In Germany, higher education might be free, but that doesn’t mean students are free of financial stress.
Ever since the government phased out tuition fees at public universities in 2014, undergraduates have only paid a nominal administrative fee. The Free University in Berlin, for instance, charges €311.59 ($382) per semester, and most of that goes toward a public transit pass. This is a stark contrast to countries like the US, where tuition fees can skyrocket to €40,000 per year.
But life as a student in Germany can still be costly, especially in cities. As more people move to urban areas, it is becoming harder for students to find affordable housing. Rental prices in Berlin have risen by 42 percent since 2010, according to a recent index of student housing prices by the German Economic Institute. Things aren’t any rosier in Munich, Stuttgart or other cities.
An average student's budget goes like this: rent plus utility bills cost €323 per month. On top of that comes €168 for food, €94 for travel and €80 for health coverage. Since prices for these items have gone up, students tend to save on clothing, leisure and even study materials, spending €123 a month on these latter goods – down from €150 in 2012.
Soaring costs have left many students struggling to make ends meet.
These may seem modest compared to standards in the United States but assumptions about studying for a degree, cost and status differ in Germany. Observers note that while in the US, higher education is viewed as a privilege and high sums are invested that people are expected to pay off later. In Germany, though, studying at university is viewed more as an extension of high school education which people expect to be free.
Traditionally, degrees also took longer to attain in Germany until it introduced standardized masters and bachelors degrees, in line with an EU guideline in 1999. Some states experimented with higher fees but reverted to charging only basic administrative costs. So unlike in the US and the UK, there is no accompanying, developed system of student loans. Ultimately, taxpayers bear the lower cost of studying in Germany. Many say the country benefits, although calls are growing in universities for higher fees to help institutions compete internationally.
So as prices rise, students in Germany see costs soaring, and many struggle to make ends meet. Three-quarters plug the gap with part-time jobs - the highest level since 2003. Half of students sorely need that income in order to keep studying.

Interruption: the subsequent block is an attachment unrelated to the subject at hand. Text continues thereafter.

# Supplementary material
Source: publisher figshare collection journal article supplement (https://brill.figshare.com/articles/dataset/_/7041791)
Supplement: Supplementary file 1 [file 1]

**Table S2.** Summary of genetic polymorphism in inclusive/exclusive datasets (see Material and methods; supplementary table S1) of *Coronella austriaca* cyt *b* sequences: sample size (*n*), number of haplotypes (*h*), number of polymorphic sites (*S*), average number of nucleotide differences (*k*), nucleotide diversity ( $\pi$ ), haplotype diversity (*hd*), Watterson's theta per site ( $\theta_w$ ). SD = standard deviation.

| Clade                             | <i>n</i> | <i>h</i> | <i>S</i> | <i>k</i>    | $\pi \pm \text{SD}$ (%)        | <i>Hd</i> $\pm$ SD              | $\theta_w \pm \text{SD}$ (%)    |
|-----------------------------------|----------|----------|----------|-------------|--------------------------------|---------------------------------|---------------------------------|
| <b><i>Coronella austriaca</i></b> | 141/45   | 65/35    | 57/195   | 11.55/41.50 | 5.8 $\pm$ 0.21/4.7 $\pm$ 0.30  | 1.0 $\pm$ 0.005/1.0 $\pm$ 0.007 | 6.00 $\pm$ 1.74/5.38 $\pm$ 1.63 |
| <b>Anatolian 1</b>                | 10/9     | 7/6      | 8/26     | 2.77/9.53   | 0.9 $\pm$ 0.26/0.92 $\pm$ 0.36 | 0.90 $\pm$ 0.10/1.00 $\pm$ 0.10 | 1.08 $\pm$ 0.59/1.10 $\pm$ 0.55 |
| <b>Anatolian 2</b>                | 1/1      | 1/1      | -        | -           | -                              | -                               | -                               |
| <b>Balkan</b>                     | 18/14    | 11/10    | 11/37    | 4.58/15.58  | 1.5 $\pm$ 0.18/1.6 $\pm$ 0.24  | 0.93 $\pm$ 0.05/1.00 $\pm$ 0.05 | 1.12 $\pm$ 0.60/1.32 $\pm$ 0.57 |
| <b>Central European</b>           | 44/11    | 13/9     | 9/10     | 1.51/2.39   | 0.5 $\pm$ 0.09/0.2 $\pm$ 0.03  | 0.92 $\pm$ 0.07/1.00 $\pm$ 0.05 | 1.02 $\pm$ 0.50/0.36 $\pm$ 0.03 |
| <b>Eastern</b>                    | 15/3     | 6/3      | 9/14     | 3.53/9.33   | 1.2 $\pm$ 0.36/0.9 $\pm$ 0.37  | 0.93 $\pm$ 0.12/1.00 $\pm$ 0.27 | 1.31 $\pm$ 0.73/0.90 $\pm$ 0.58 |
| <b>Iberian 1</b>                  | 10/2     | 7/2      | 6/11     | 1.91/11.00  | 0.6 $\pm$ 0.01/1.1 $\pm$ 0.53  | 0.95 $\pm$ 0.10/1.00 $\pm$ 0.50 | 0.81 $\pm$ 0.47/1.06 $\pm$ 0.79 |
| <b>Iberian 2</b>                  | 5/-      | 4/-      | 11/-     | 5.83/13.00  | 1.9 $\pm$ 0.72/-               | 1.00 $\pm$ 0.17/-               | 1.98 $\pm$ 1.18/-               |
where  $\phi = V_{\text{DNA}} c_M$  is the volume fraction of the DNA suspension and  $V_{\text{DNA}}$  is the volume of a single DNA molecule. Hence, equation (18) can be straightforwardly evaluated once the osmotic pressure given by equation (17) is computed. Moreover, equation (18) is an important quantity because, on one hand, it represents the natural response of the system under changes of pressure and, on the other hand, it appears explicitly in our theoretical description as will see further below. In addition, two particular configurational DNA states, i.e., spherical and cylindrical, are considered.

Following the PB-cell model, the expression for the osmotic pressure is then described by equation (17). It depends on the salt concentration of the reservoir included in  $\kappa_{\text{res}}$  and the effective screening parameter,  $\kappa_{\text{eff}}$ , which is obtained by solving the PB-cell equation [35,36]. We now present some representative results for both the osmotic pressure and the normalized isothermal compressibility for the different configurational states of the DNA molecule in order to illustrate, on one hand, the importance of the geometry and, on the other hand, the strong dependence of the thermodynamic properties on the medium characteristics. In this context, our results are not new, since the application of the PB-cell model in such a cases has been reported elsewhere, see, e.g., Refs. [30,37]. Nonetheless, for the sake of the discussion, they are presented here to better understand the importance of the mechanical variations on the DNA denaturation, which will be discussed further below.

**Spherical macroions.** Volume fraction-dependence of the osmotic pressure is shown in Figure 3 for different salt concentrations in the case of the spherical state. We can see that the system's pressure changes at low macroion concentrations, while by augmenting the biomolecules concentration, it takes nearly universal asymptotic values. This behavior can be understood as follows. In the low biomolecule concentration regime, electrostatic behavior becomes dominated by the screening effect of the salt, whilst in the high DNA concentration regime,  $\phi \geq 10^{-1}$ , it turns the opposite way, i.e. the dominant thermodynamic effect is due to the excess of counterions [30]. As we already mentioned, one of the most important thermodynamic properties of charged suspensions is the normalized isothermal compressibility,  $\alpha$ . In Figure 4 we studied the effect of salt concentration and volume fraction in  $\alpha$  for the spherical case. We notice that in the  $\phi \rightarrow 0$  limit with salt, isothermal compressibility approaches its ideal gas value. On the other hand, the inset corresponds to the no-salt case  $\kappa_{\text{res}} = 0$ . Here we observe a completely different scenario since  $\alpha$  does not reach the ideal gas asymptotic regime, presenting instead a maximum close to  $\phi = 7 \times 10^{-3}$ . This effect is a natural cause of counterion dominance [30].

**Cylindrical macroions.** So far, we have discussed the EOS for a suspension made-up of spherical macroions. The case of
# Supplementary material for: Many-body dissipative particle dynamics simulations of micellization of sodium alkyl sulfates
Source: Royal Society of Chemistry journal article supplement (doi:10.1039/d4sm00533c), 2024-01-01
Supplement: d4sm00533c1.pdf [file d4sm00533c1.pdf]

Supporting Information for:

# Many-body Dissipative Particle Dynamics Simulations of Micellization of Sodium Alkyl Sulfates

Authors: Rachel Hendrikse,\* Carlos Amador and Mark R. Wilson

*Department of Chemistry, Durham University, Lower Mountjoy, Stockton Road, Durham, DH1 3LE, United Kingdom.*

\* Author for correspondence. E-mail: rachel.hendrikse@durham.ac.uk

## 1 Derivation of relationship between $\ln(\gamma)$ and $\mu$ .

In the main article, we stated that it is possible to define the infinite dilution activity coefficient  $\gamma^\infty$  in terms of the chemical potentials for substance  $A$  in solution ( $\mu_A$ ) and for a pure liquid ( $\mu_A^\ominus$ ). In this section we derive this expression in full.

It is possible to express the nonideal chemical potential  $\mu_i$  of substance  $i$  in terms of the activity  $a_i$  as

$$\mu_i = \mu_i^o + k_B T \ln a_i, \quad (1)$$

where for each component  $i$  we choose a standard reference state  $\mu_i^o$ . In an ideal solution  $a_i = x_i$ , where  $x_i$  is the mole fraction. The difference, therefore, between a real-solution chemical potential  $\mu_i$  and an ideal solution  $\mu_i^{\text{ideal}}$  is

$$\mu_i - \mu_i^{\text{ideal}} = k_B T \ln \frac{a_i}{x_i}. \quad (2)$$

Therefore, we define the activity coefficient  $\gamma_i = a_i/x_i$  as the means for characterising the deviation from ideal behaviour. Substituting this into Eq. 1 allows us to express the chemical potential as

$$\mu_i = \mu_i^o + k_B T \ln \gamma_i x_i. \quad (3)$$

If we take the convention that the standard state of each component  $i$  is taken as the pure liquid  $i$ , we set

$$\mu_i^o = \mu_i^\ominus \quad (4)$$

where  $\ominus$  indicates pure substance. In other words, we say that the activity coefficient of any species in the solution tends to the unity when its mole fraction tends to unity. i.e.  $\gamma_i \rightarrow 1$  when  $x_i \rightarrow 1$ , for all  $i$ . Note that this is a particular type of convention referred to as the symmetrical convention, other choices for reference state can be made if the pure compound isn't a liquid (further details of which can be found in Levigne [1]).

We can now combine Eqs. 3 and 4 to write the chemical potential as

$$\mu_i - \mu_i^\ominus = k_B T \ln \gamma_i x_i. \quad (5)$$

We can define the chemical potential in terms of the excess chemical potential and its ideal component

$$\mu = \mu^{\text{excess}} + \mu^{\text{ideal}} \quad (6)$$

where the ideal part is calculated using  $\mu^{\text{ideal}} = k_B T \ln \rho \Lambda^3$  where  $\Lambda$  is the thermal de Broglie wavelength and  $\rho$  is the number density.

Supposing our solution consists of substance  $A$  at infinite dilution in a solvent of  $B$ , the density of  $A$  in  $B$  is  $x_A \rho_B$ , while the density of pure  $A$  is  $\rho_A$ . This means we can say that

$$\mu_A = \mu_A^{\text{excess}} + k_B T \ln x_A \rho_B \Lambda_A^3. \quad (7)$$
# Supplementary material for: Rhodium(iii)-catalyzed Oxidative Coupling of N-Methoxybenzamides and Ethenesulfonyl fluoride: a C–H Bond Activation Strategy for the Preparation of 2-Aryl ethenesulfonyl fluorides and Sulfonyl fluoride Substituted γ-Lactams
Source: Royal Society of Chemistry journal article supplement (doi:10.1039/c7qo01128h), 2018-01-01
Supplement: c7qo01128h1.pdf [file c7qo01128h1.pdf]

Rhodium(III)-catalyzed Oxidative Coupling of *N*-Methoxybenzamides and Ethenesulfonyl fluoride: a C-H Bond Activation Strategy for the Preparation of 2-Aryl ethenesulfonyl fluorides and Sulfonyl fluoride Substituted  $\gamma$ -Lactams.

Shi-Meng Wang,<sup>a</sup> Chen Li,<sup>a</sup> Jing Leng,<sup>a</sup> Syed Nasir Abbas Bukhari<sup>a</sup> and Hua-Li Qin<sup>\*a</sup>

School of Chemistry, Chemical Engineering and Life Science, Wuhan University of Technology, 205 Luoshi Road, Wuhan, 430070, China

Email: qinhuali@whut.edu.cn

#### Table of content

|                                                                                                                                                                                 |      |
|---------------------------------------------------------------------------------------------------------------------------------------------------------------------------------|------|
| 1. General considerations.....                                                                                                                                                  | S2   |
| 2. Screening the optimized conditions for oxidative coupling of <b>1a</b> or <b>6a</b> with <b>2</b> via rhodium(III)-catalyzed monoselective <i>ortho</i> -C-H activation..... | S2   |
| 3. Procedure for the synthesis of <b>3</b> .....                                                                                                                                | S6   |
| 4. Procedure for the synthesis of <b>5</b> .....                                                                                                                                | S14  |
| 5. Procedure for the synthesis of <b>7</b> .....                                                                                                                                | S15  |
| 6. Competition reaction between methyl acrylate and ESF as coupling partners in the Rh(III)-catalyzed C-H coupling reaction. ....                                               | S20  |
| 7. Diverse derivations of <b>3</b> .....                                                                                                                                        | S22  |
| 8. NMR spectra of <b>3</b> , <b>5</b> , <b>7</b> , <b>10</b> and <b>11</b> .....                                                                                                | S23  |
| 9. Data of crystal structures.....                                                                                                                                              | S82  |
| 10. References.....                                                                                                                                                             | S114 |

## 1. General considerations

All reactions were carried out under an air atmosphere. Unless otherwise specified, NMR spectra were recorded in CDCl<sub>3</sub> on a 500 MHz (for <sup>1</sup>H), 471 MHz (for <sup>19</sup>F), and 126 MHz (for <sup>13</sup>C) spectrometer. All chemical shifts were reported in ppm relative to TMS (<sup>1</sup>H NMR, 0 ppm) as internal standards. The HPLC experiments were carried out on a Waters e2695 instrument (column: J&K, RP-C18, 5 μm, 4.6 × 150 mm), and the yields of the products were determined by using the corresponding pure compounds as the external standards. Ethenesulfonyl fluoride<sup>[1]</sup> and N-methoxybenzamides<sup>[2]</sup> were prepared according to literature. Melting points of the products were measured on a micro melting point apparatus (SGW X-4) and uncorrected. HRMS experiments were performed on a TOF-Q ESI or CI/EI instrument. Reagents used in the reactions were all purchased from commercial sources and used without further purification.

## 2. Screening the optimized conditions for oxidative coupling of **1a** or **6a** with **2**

The problem is compounded by a decline in the number of people receiving financial aid. Germany's financial aid system makes a maximum of €649 available to students per month when their parents earn no or a low income. In 2016, just 377,000 students received any aid – down from 440,000 in 2012. And at the same time, the total number of students rose by 350,000 to a record 2.7 million – meaning the proportion receiving the benefits fell from 19 percent in 2012 to 14 percent.
That seemed like good news to politicians, who spun it as a sign of incomes rising and more people working. But experts say the causes are different.
In Germany, financial aid calculations are based partly on the assumption that a student's parent also receive child allowance. Up through 2006, the government paid these benefits for young people enrolled in higher education until the student turned 27. However in Germany, every third student is older than 25. Calls are now growing louder for the financial aid system to be overhauled.
But how to better tailor aid to students' real needs? Employers and Germany's main industry association wrote a policy paper arguing for more publicity around student loans, a low-interest federal student loan available for everyone, and converting child benefit into a basic budget.
Critics also point out that students receive other additional benefits from tax credits to discounted health insurance. One education expert at the IW economic institute, Christiane Konegen-Grenier, says the overall effect is students from high-income households are subsidized to the same extent as students from low-income backgrounds. A strong argument for a fairer system.
Barbara Gillmann covers politics for Handelsblatt in Berlin, Stephanie Ott is a journalist writing for Handelsblatt Global and based in New York. To contact the authors: [email protected] and [email protected]